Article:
A Tofino RCMP officer who shot and killed a 28-year-old Tla-o-qui-aht First Nation man while responding to a call for help on Meares Island last year will not be charged, according the police watchdog charged with reviewing the incident.
In a Nov. 16, 2022 bulletin, BC’s Independent Investigations Office (IIO) stated that all the evidence has been reviewed in the death of Julian Jones and “there are no reasonable grounds to believe that any officer committed an offence.” The independent investigation is now closed and the matter will not be referred to Crown Counsel for consideration of charges.
At about 9:30 p.m. on Feb. 27, 2021, two officers from Tofino RCMP attended an Opitsaht residence to locate a woman in distress, reads the file released by BC RCMP on Feb. 28, 2021. When they arrived, an interaction took place. One man was shot and another was taken into custody. The woman was located and taken to hospital for medical assessment. No one else was injured, according to the RCMP.
“As a matter related to the incident is currently before the courts, the IIO is unable to provide further details regarding the incident or rationale for this decision at this time. I regret that the frustration this lack of information will cause is required to ensure a fair trial,” said Chief Civilian Director (CCD) Ronald J. MacDonald in the bulletin.
“However, I feel it necessary to advise the public, and in particular the family of the deceased and other involved parties, that this investigation has concluded in as timely a manner as possible.
“Once the court process concludes, I and my investigative team will ensure we are available to meet with the affected person’s family and community members to review the investigation and to answer questions.”
For the first time in history, an Indigenous Civilian Monitor was appointed to look over the report by BC’s police watchdog.
“I have no recommendations for the integrity of the investigation (involving the shooting death of Jones); the investigation was carried out with excellent procedure. I do not see that anyone else needs to be spoken to in order to complete this file. The interviews and evidence collected were fulsome. I am content with the way the IIO conducted the investigation,” said Thomas George, a member of the Tla-o-qui-aht First Nation, in an Aug. 2 IIO bulletin.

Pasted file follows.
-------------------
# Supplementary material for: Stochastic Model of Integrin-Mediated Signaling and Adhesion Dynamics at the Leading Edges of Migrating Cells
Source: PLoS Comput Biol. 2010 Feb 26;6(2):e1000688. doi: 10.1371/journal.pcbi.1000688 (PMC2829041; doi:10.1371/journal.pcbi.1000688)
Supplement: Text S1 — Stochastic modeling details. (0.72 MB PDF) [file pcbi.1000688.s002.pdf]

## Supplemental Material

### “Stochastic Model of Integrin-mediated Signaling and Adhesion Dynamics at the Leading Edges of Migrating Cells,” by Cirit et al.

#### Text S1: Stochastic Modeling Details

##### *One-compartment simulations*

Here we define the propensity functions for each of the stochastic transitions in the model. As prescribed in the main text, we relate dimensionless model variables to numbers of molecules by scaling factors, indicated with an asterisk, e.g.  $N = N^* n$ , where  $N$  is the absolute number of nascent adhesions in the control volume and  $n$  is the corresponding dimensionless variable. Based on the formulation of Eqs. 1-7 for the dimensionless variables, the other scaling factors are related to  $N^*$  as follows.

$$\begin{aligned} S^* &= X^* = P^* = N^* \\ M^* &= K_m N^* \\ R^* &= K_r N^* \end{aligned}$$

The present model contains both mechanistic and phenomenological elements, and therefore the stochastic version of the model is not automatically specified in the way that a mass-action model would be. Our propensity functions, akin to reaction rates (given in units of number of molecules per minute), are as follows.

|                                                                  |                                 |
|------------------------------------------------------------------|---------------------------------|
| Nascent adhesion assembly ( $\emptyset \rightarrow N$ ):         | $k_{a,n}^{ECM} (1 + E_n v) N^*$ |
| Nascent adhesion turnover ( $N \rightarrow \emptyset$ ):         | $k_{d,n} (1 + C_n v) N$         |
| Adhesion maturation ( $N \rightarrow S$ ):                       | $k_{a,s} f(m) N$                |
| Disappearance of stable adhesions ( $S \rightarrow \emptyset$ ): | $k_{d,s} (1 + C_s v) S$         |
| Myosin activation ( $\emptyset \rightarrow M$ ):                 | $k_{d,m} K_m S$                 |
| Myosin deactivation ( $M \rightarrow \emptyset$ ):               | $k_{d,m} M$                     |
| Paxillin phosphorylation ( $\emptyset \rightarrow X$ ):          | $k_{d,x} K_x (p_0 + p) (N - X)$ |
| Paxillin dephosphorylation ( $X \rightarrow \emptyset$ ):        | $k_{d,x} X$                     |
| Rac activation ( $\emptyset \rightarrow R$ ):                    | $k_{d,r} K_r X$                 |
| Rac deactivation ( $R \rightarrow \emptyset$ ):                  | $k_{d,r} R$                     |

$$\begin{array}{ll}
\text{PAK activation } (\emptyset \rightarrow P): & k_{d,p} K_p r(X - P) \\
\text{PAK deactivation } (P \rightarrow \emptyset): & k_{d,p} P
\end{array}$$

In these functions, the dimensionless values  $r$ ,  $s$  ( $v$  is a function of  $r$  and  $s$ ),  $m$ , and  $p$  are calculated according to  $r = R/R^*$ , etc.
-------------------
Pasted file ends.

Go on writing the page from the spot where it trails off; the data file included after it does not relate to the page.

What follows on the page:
George’s full report will be published once the ongoing court proceedings have concluded later in 2023, according to Macdonald.
“The IIO will continue to work hard to earn the trust of Indigenous Peoples and communities. I appreciate that the time the oversight process takes is difficult for everyone involved, but I emphasize that the IIO is, first and foremost, focused on conducting thorough and unbiased investigations. I am glad this was clear to Mr. George during his review, and I want to thank the IIO team who conducted this challenging investigation and freely provided Mr. George with any information he requested during his time reviewing the file,” said Macdonald.
The Nuu-chah-nulth Tribal Council (NTC) say they are “disillusioned and frustrated” that once again, a cop has killed a First Nations person without consequences.
“There is always hope that the system will bring justice for a person killed by police, but the reality never lives up to this hope as the system is stacked against us,” reads a Nov. 16 NTC media release.
The death of Jones came less than two years after the fatal high-profile shooting of Tla-o-qui-aht First Nation woman Chantal Moore. In 2020, Moore, a 26-year-old mother, was killed by police in New Brunswick during a wellness check. Officer Jeremy Son, the New Brunswick police officer who shot and killed Moore, was cleared of any wrongdoing and was able to resume his duties as a patrol officer.
Judith Sayers is the president of the NTC and the director of the BC First Nations Justice Council (BCFNJC).
“The pattern of unaccountability and injustice for Indigenous victims of police violence, their families, and their communities is reprehensible. It underscores the fact that policing oversight is broken. It begs the question, how can we count on colonial oversight bodies, including the IIO, to hold police accountable when they continue to do the exact opposite?” said Sayers in a Nov. 21 BCFNJC press release.
The BCFNJC calls for new models of structured relations between First Nations and police, and the creation of more community-level police services.
“We cannot stand by and watch more of our people be shot by police. Changes must happen now! How would you feel if one of your family members were shot by police and there were no consequences for that shooting and killing?” said Sayers.
The NTC is asking the RCMP and other police forces to:
1. Train their officers to disarm as opposed to freely shooting any way officers feel is needed.
2. More effective training on de-escalation of situations so no shooting is necessary
3. Independent Investigative Office be changed to be more reflective and inclusive of First Nations in their process.
4. Setting up an alternate system to 911 for wellness checks where trauma informed people respond as opposed to police.
5. Body cams in every police station for their officers.
6. Greater communication and protocols with First Nations
The Westerly reached out to Tla-o-qui-aht First Nation councillor Francis Frank for comment.